Thank you very much for writing, and the news of my fame at writing conferences (I think I view them with caution, but this sounds decent… ) I am very proud of the ‘Silver Pigs’ first line, and indeed its first page. I do think beginnings are important because that is how the casual reader may get hooked. On the other hand, anything too clever may put people off, so it has to be judged just right. I am also quite fond of ‘The Accusers’: ‘I had been an informer for over a decade when I finally learned what the job entailed…’ which is a joke against myself really, finally finding a book about real Roman informers when I had been writing about Falco for 15 years or so, and letting him do things in court that he had only hinted at previously.
I hope this doesn’t destroy your image of authors, but I don’t use a pencil! I haven’t even used a biro for creative fiction since I got my first word processor. I stopped my editor using a pencil because it’s even harder to read than when he uses a pen – which he tends to do most on my first page, over which I have laboured hardest and longest…
Does that mean it ends up worst despite my loving attention – or does he just tear into the editing keenly then get bored after one page?
Someone could write a thesis on this – if I had not destroyed the manuscripts to prevent them doing so…
Would like to know more about Petro and his cat. A sophististed layabout like Nux? (the cat not Petro). –Bill (19 Sept 2004)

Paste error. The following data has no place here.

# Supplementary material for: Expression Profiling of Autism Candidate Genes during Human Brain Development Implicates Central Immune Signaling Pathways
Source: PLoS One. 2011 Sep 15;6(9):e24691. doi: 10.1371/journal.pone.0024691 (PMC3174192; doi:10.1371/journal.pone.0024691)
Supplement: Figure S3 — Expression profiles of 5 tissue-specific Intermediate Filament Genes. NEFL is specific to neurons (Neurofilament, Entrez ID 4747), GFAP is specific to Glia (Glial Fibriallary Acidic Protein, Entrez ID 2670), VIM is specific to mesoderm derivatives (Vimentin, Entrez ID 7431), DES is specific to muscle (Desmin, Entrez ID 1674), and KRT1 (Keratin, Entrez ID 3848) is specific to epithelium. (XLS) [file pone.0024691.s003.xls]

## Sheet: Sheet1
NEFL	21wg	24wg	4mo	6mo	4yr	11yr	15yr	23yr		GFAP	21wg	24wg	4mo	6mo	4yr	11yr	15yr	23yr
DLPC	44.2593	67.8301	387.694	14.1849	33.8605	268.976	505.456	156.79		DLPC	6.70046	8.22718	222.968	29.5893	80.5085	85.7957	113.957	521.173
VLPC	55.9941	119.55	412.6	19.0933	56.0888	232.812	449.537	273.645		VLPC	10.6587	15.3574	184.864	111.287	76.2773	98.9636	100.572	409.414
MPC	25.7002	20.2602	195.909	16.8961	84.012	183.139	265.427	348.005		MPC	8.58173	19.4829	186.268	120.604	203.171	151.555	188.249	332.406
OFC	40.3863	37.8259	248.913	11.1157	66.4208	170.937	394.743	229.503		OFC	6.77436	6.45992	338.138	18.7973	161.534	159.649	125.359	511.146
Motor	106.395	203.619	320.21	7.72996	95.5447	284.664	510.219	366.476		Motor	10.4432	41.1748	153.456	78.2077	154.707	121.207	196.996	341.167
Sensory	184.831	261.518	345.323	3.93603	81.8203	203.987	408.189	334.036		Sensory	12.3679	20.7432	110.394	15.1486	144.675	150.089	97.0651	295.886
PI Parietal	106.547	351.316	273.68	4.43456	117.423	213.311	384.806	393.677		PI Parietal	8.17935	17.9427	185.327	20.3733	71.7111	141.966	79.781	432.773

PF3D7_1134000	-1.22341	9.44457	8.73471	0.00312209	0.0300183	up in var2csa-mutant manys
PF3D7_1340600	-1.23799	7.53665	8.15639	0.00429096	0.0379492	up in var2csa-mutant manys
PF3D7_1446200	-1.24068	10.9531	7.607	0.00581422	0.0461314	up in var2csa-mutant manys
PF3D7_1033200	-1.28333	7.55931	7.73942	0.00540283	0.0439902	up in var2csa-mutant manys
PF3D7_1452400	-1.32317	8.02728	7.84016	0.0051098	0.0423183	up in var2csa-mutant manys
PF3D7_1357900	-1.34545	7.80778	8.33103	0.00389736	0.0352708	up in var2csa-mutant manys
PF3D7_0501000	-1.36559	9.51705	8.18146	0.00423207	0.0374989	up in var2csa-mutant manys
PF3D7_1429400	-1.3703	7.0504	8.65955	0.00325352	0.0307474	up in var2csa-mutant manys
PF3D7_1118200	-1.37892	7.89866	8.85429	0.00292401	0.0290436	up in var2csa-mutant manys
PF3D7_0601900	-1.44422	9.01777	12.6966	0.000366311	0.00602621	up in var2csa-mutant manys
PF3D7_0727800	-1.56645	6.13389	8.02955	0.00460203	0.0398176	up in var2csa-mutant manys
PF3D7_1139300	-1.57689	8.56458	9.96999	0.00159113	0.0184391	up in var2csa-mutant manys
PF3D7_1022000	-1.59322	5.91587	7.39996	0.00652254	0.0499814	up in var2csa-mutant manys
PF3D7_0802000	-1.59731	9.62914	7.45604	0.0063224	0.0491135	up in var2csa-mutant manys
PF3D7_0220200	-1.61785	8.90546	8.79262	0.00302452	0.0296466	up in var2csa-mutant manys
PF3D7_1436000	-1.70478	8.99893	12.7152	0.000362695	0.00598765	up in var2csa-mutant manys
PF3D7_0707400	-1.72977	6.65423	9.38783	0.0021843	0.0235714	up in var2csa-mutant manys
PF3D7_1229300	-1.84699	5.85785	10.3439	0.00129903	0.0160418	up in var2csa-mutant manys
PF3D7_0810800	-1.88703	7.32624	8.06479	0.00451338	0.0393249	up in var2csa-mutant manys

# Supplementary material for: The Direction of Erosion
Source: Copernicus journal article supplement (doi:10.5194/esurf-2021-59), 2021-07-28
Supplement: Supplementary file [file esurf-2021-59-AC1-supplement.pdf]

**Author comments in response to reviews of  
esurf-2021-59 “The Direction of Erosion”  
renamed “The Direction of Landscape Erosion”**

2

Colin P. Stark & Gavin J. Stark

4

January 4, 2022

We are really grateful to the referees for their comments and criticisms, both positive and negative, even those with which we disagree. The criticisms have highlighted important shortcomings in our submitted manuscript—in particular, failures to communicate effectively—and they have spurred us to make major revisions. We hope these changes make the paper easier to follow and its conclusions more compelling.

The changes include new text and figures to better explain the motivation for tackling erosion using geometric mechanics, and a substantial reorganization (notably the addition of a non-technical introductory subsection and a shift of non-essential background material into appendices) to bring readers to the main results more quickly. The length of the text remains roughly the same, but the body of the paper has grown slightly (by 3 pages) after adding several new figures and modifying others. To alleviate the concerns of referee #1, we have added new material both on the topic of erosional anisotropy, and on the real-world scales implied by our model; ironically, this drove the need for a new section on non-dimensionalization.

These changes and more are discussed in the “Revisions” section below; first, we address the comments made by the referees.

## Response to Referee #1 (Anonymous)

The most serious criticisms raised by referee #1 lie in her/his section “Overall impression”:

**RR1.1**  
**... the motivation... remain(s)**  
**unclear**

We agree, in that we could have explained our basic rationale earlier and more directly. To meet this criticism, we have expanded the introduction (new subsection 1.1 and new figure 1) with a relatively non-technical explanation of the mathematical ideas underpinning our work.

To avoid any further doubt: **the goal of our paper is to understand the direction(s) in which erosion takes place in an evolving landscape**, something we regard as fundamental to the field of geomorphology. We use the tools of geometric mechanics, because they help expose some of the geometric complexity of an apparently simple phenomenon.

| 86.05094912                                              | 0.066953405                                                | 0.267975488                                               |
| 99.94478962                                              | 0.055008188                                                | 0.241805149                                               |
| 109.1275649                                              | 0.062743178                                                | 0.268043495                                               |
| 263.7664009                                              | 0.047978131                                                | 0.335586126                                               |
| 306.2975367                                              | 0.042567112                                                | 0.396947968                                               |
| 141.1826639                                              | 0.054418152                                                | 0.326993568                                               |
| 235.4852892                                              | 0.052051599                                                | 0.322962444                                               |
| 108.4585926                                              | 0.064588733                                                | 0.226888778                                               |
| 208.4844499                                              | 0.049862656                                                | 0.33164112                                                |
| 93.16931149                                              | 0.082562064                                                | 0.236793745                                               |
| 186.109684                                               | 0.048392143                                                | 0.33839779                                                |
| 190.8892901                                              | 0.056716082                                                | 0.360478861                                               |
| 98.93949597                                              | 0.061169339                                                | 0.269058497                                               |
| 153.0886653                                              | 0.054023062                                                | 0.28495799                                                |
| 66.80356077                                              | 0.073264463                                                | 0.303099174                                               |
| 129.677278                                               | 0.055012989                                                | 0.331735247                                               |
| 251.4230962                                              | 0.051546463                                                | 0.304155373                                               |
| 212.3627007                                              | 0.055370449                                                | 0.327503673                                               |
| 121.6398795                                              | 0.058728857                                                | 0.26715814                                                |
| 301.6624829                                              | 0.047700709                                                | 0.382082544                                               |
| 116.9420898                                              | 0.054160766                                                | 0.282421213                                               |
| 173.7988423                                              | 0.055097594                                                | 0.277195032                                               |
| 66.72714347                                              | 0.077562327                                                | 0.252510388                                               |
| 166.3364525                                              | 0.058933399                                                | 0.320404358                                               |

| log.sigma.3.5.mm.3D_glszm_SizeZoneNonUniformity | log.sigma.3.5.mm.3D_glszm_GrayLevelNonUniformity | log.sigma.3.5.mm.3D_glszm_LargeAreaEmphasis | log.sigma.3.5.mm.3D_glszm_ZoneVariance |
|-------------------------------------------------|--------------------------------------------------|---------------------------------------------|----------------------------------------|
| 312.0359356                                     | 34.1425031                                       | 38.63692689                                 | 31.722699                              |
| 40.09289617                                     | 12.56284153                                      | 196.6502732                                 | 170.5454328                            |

No chance of the cat, I fear. I am copying this to Ginny in case she wants to raise the cat issue in Postbag (she has one, her only fault in my view). As for me, I garden, and I feed the birds. You can guess the rest, I’m sure. Unless you want something awful to happen to the cat Petronius has, best to leave it in its basket.
It is bound to have a basket, probably with ensuite ball of wool.
[Surely having a cat is not a fault! Neither of mine have baskets; one chases dogs even. –Ginny]
I have a wish that someday when I am ‘doing’ charity, junk and antique shops’ I will find the ms. of The Spook Who Spoke.–Nita Louise Knapp (8 February 2004)
Maybe we could get a spoof ‘sighting of manuscript’ story going…
I’ve read all of the Falco novels and have enjoyed them enormously, though some more than others. I was wondering if you enjoyed writing one more than the rest? Is there one you can say is your own favourite? –Louise Coleman (17 August 2003)